Notes Brelesky: “It's really rewarding to see the kids are just as amused by getting an answer wrong as they are by getting it right.”
Another point to remember in designing the skill is that today’s kids are born into a world with voice interaction and are quick to embrace the form, says Brelesky. Kids also respond to prompts intuitively and trust that the device will understand.
Trying to account for every possible thing kids could say to the skill presented a challenge. To address this, Nickelodeon designed the skill to pose questions with clear multiple-choice answers, limiting the number of replies to manage at any given point. Even so, the team needed to anticipate as many answers as possible.
“Through our testing, we found there are so many ways to say, ‘Double Krabby Patty Combo,’” says Brelesky. “We built up a large acceptance criteria for the variety of ways a kid might reply.”
Finally, after designing the narrative for the game, Brelesky says a big part of the work was figuring out how kids were actually going to use the skills. Besides handling a wide variety of responses, the Nickelodeon team had to keep the user engaged and moving forward. The team designed the skill to listen for cues like a long pause, an “Ummm…” or “I don’t know,” then chime in to nudge the player to keep going.
“We spent a lot of time testing, listening, and writing those edge-case scenarios into the design, to have the skill be continuous and responsive to the way kids will actually use it,” says Brelesky.
Bringing the SpongeBob Challenge to Life
To get the project started, Nick focused on its core strengths: the brand's irreverent sense of humor as well as its show and cast of characters. Several cross-functional teams were involved in the brainstorming sessions. These teams included show production, brand creative, design and development, and digital production. Naturally, they focused on creative ideas that would resonate most with young Nick fans.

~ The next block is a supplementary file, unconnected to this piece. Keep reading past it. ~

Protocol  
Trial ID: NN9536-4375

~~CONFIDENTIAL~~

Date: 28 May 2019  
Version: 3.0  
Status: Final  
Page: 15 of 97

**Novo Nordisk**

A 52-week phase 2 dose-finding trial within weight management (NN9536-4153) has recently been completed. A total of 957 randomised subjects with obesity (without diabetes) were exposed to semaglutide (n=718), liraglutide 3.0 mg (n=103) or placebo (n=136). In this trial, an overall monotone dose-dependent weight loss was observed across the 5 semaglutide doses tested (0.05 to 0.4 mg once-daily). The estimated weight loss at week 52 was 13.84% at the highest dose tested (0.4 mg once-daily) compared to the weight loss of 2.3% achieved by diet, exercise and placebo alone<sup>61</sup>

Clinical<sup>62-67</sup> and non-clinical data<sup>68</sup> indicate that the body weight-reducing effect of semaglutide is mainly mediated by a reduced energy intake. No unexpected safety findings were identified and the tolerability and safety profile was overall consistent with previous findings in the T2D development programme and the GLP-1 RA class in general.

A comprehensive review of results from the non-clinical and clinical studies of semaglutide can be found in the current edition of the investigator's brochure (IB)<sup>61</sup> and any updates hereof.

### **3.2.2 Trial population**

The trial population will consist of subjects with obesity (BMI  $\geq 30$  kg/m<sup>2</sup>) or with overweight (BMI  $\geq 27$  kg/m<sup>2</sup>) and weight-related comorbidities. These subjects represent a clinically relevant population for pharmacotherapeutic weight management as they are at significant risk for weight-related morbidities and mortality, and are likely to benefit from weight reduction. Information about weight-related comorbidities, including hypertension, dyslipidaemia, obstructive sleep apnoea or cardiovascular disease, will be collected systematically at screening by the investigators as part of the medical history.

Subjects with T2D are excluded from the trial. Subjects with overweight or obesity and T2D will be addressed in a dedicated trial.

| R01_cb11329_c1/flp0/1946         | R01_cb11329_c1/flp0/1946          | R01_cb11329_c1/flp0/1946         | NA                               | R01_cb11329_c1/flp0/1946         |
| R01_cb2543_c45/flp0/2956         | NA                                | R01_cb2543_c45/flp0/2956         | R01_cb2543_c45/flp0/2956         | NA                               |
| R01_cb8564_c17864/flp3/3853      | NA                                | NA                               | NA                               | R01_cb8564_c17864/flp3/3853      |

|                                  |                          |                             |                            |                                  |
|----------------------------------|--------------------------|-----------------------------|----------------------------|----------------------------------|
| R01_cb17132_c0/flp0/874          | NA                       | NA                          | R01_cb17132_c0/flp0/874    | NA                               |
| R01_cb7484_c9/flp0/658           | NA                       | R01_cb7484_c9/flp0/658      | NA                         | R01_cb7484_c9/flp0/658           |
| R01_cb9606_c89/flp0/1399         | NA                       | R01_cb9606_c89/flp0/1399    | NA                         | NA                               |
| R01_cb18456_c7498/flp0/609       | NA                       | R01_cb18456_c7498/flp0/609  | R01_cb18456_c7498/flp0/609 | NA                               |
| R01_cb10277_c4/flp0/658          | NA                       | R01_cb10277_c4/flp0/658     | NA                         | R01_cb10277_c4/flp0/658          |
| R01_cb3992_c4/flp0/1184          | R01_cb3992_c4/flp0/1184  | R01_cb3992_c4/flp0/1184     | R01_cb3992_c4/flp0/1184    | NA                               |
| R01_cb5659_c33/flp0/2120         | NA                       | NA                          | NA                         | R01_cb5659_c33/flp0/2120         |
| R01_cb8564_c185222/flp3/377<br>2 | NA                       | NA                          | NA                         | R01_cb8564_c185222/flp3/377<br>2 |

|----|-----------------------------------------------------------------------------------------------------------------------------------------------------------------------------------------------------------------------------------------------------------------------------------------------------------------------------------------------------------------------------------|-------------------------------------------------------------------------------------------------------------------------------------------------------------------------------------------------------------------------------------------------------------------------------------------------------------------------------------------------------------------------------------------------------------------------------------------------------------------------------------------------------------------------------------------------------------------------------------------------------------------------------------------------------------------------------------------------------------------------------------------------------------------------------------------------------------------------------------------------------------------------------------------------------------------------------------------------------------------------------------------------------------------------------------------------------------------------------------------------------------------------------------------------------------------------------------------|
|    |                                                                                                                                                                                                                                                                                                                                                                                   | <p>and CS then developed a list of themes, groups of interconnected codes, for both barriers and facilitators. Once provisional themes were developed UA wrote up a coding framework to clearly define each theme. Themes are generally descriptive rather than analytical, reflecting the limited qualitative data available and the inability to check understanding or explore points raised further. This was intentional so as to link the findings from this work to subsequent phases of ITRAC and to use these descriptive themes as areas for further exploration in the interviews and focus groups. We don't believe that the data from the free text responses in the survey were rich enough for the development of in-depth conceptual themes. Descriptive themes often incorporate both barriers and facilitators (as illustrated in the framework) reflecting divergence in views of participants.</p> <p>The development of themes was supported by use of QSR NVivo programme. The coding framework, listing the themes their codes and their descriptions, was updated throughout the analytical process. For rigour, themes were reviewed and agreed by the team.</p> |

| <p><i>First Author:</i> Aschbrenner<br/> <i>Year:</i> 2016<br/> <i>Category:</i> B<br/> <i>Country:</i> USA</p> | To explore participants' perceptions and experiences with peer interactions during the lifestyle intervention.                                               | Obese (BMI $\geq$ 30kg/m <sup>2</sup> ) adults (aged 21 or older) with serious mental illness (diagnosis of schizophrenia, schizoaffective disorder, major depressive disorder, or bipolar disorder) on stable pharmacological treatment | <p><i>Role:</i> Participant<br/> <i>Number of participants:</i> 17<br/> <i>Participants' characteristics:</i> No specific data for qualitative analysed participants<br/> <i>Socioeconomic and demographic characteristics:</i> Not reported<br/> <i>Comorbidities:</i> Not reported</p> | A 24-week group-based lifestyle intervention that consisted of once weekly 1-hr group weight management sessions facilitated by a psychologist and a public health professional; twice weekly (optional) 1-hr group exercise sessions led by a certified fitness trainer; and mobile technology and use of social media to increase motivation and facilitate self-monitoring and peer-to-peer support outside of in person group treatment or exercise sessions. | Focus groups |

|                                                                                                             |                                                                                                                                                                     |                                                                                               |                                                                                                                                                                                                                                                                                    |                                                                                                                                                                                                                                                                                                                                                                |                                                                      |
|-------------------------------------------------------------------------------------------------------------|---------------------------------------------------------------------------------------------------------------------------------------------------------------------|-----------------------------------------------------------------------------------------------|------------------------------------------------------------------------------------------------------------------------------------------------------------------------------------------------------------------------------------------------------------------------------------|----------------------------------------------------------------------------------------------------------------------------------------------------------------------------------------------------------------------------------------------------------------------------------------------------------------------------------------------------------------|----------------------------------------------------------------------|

A number of contributors helped ideate, create, and implement the SpongeBob Challenge. First, Nickelodeon's Digital Product Team, led by Brelesky, handled all the creative work and served as the primary driver. Second, Brelesky’s team worked very closely with the SpongeBob SquarePants show writers to capture the voice of the show.
“This was an amazing opportunity. The show’s writers wrote a lot of the lines themselves, incorporating iconic moments and elements of the show directly into the skill’s script,” says Brelesky. “That's why the skill feels so richly and uniquely SpongeBob.”
To build the skill, Brelesky turned to PullString. PullString’s authoring tools have helped developers create, test, and host rich and engaging computer conversations for Alexa skills, chatbots, and other interactive conversation avenues. For Nickelodeon, PullString took the kid-approved content and built a voice-first experience for Alexa.
“It’s incredibly exciting to have helped bring SpongeBob to Alexa using PullString's software and Conversation Cloud,” says Mike Houlahan, Head of Enterprise at PullString. “Our close collaboration with Nickelodeon’s digital and creative teams has created an immersive skill that SpongeBob fans of all ages will enjoy.”
‘Voice Opens Up Tremendous Access’
Schwartz says the new SpongeBob Challenge skill enables Nickelodeon to provide a whole new way to interact with its young audience. And Brelesky says Nickelodeon is just getting started with Alexa.
“This is just the beginning of voice experiences for Nickelodeon,” says Brelesky. “Voice opens up tremendous access to Nick shows, characters, and content by lowering that discovery friction found in many screen-based experiences.”